{Iron clay} (Min.), a yellowish clay containing a large
        proportion of an ore of iron.
  
     {Iron cross}, a German, and before that Prussian, order of
        military merit; also, the decoration of the order.
  
     {Iron crown}, a golden crown set with jewels, belonging
        originally to the Lombard kings, and indicating the
        dominion of Italy. It was so called from containing a
        circle said to have been forged from one of the nails in
        the cross of Christ.
  
     {Iron flint} (Min.), an opaque, flintlike, ferruginous
        variety of quartz.
  
     {Iron founder}, a maker of iron castings.
  
     {Iron foundry}, the place where iron castings are made.
  
     {Iron furnace}, a furnace for reducing iron from the ore, or
        for melting iron for castings, etc.; a forge; a
        reverberatory; a bloomery.
  
     {Iron glance} (Min.), hematite.
  
     {Iron hat}, a headpiece of iron or steel, shaped like a hat
        with a broad brim, and used as armor during the Middle
        Ages.
  
     {Iron horse}, a locomotive engine. [Colloq.]
  
     {Iron liquor}, a solution of an iron salt, used as a mordant
        by dyers.
  
     {Iron man} (Cotton Manuf.), a name for the self-acting
        spinning mule.
  
     {Iron mold} or {Iron mould}, a yellow spot on cloth stained
        by rusty iron.
  
     {Iron ore} (Min.), any native compound of iron from which the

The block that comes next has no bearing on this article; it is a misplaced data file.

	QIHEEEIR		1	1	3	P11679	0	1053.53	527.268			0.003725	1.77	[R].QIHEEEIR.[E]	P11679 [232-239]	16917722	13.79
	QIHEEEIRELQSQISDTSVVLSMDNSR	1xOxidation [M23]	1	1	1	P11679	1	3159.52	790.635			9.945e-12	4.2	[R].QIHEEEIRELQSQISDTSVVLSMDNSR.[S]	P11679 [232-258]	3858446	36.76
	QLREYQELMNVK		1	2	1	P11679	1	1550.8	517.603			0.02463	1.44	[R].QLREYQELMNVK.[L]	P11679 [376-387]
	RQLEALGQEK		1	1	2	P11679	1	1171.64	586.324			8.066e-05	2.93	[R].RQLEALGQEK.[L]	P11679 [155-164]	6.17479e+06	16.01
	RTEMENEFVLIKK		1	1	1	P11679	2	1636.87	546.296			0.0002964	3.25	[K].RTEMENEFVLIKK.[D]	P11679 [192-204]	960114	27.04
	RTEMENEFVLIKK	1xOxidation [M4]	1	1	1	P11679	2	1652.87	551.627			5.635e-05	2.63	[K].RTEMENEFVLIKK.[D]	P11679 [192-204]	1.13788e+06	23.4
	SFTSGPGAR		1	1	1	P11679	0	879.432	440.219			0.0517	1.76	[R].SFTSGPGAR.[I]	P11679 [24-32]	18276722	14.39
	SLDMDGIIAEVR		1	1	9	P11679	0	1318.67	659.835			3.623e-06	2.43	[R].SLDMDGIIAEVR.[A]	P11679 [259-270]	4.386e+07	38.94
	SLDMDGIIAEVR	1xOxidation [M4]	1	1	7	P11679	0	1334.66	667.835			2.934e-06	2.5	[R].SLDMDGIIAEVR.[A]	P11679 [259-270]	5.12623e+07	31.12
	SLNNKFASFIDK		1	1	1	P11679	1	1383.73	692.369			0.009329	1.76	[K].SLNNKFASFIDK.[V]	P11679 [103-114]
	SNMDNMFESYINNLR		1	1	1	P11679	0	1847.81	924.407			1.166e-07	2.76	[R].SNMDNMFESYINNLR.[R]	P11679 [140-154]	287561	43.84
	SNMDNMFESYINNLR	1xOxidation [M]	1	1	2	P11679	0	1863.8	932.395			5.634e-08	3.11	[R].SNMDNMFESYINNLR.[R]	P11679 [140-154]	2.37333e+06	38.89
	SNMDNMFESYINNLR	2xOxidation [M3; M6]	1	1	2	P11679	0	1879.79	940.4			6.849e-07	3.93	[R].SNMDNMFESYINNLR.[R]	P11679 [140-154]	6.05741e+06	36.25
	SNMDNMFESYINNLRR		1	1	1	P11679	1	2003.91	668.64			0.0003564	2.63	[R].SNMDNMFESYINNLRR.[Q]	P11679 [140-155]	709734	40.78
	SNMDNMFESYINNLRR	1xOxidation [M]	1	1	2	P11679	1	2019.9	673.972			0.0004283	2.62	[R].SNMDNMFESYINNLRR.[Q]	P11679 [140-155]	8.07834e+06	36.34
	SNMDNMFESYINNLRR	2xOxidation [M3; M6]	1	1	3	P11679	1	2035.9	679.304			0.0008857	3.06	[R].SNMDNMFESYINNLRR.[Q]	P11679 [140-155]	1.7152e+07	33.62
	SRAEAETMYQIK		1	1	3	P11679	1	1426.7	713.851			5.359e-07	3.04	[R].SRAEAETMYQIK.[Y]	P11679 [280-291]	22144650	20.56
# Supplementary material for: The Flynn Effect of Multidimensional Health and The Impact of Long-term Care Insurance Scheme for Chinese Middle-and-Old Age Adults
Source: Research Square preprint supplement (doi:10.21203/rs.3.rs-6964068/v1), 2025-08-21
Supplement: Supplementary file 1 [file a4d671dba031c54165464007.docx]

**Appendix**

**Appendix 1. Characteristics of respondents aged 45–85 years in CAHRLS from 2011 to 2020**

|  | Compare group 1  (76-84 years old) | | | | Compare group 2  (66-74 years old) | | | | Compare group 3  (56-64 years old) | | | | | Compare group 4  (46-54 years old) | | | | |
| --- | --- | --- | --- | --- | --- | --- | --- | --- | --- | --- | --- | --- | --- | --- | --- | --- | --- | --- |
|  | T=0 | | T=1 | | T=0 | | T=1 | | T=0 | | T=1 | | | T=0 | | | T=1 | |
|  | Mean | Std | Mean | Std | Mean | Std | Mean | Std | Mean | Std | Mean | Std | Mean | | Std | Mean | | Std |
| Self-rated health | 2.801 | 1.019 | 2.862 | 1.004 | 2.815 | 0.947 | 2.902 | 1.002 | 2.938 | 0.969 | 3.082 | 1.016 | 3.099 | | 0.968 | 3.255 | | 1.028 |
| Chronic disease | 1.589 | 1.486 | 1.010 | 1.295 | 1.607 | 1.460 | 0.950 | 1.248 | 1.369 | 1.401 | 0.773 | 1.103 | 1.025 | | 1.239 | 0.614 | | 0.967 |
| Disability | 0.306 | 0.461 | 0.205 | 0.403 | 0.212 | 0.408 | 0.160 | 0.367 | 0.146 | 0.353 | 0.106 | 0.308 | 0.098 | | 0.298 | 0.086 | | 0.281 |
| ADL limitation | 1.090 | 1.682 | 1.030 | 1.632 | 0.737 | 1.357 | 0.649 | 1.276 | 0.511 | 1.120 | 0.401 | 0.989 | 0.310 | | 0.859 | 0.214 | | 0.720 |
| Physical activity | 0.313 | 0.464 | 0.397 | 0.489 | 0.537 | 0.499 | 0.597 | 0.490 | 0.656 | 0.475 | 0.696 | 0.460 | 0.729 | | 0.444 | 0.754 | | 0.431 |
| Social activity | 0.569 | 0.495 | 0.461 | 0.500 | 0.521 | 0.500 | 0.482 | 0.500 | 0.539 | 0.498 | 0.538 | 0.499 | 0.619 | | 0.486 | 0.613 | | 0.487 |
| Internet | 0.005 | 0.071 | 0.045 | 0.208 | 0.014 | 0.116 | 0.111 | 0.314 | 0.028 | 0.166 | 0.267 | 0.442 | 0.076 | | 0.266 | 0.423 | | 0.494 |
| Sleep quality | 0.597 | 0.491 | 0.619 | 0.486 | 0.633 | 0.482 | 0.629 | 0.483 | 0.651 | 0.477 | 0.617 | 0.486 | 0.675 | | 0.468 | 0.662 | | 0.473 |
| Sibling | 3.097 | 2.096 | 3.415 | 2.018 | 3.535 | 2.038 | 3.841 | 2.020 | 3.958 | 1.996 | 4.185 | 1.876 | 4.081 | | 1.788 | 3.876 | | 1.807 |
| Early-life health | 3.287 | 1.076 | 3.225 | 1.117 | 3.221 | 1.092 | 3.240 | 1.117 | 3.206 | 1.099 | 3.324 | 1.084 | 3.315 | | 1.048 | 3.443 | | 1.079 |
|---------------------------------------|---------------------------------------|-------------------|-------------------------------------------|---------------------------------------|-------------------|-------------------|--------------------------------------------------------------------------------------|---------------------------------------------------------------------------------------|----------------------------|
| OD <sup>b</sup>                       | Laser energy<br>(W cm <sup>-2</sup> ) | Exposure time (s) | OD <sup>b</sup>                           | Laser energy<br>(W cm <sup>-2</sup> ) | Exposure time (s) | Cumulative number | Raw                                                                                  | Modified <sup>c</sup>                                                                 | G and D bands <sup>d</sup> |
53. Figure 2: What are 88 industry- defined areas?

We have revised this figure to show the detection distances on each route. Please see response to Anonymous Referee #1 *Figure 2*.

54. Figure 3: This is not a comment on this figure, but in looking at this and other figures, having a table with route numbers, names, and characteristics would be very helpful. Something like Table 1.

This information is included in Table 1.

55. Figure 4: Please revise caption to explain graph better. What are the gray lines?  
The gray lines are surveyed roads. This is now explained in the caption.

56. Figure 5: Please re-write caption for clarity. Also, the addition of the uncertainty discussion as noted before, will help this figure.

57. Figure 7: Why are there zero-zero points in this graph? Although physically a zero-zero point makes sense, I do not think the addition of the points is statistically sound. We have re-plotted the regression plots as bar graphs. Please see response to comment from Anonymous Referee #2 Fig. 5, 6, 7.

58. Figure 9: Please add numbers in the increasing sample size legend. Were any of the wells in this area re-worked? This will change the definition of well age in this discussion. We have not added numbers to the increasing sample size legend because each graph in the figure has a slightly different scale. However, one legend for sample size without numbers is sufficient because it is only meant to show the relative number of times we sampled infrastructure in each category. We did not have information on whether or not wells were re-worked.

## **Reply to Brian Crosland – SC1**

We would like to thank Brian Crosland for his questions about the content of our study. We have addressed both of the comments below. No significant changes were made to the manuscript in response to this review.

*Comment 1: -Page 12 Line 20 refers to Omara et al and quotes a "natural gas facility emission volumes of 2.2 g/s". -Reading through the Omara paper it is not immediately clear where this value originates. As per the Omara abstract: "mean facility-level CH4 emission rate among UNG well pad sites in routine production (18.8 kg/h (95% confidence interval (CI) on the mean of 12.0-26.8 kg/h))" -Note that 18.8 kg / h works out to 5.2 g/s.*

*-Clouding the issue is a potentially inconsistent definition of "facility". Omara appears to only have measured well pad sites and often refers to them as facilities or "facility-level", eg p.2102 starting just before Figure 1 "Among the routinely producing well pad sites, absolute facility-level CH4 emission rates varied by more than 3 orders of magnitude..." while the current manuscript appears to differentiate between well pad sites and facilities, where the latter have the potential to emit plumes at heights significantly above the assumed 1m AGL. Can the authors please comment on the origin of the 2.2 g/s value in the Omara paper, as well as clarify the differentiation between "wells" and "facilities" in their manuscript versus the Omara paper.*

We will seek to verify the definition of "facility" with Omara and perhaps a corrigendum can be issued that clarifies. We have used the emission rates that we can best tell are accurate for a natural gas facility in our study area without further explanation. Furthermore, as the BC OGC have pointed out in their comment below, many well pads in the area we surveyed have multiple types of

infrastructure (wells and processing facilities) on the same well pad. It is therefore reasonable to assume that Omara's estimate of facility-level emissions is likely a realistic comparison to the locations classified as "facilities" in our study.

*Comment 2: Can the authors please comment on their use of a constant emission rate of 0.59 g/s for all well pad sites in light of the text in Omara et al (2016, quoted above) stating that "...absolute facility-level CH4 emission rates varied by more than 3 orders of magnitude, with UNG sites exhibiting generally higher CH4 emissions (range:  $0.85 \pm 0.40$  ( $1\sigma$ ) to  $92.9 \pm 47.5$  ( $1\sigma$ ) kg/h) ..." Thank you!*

metal may be profitably extracted. The principal ores are
        magnetite, hematite, siderite, limonite, G["o]thite,
        turgite, and the bog and clay iron ores.
  
     {Iron pyrites} (Min.), common pyrites, or pyrite. See
        {Pyrites}.
  
     {Iron sand}, an iron ore in grains, usually the magnetic iron
        ore, formerly used to sand paper after writing.
  
     {Iron scale}, the thin film which forms on the surface of
        wrought iron in the process of forging. It consists
        essentially of the magnetic oxide of iron, {Fe3O4}.
  
     {Iron works}, a furnace where iron is smelted, or a forge,
        rolling mill, or foundry, where it is made into heavy
        work, such as shafting, rails, cannon, merchant bar, etc.
        [1913 Webster]

From WordNet (r) 3.0 (2006) [wn]:

  Iron Age
      n 1: (archeology) the period following the Bronze Age;
           characterized by rapid spread of iron tools and weapons
      2: (classical mythology) the last and worst age of the world

From The Jargon File (version 4.4.7, 29 Dec 2003) [jargon]:

  Iron Age
   n.
  
      In the history of computing, 1961-1971 ? the formative era of commercial
      {mainframe} technology, when ferrite-core {dinosaur}s ruled the earth. The
      Iron Age began, ironically enough, with the delivery of the first
      minicomputer (the PDP-1) and ended with the introduction of the first
      commercial microprocessor (the Intel 4004) in 1971. See also {Stone Age};
      compare {elder days}.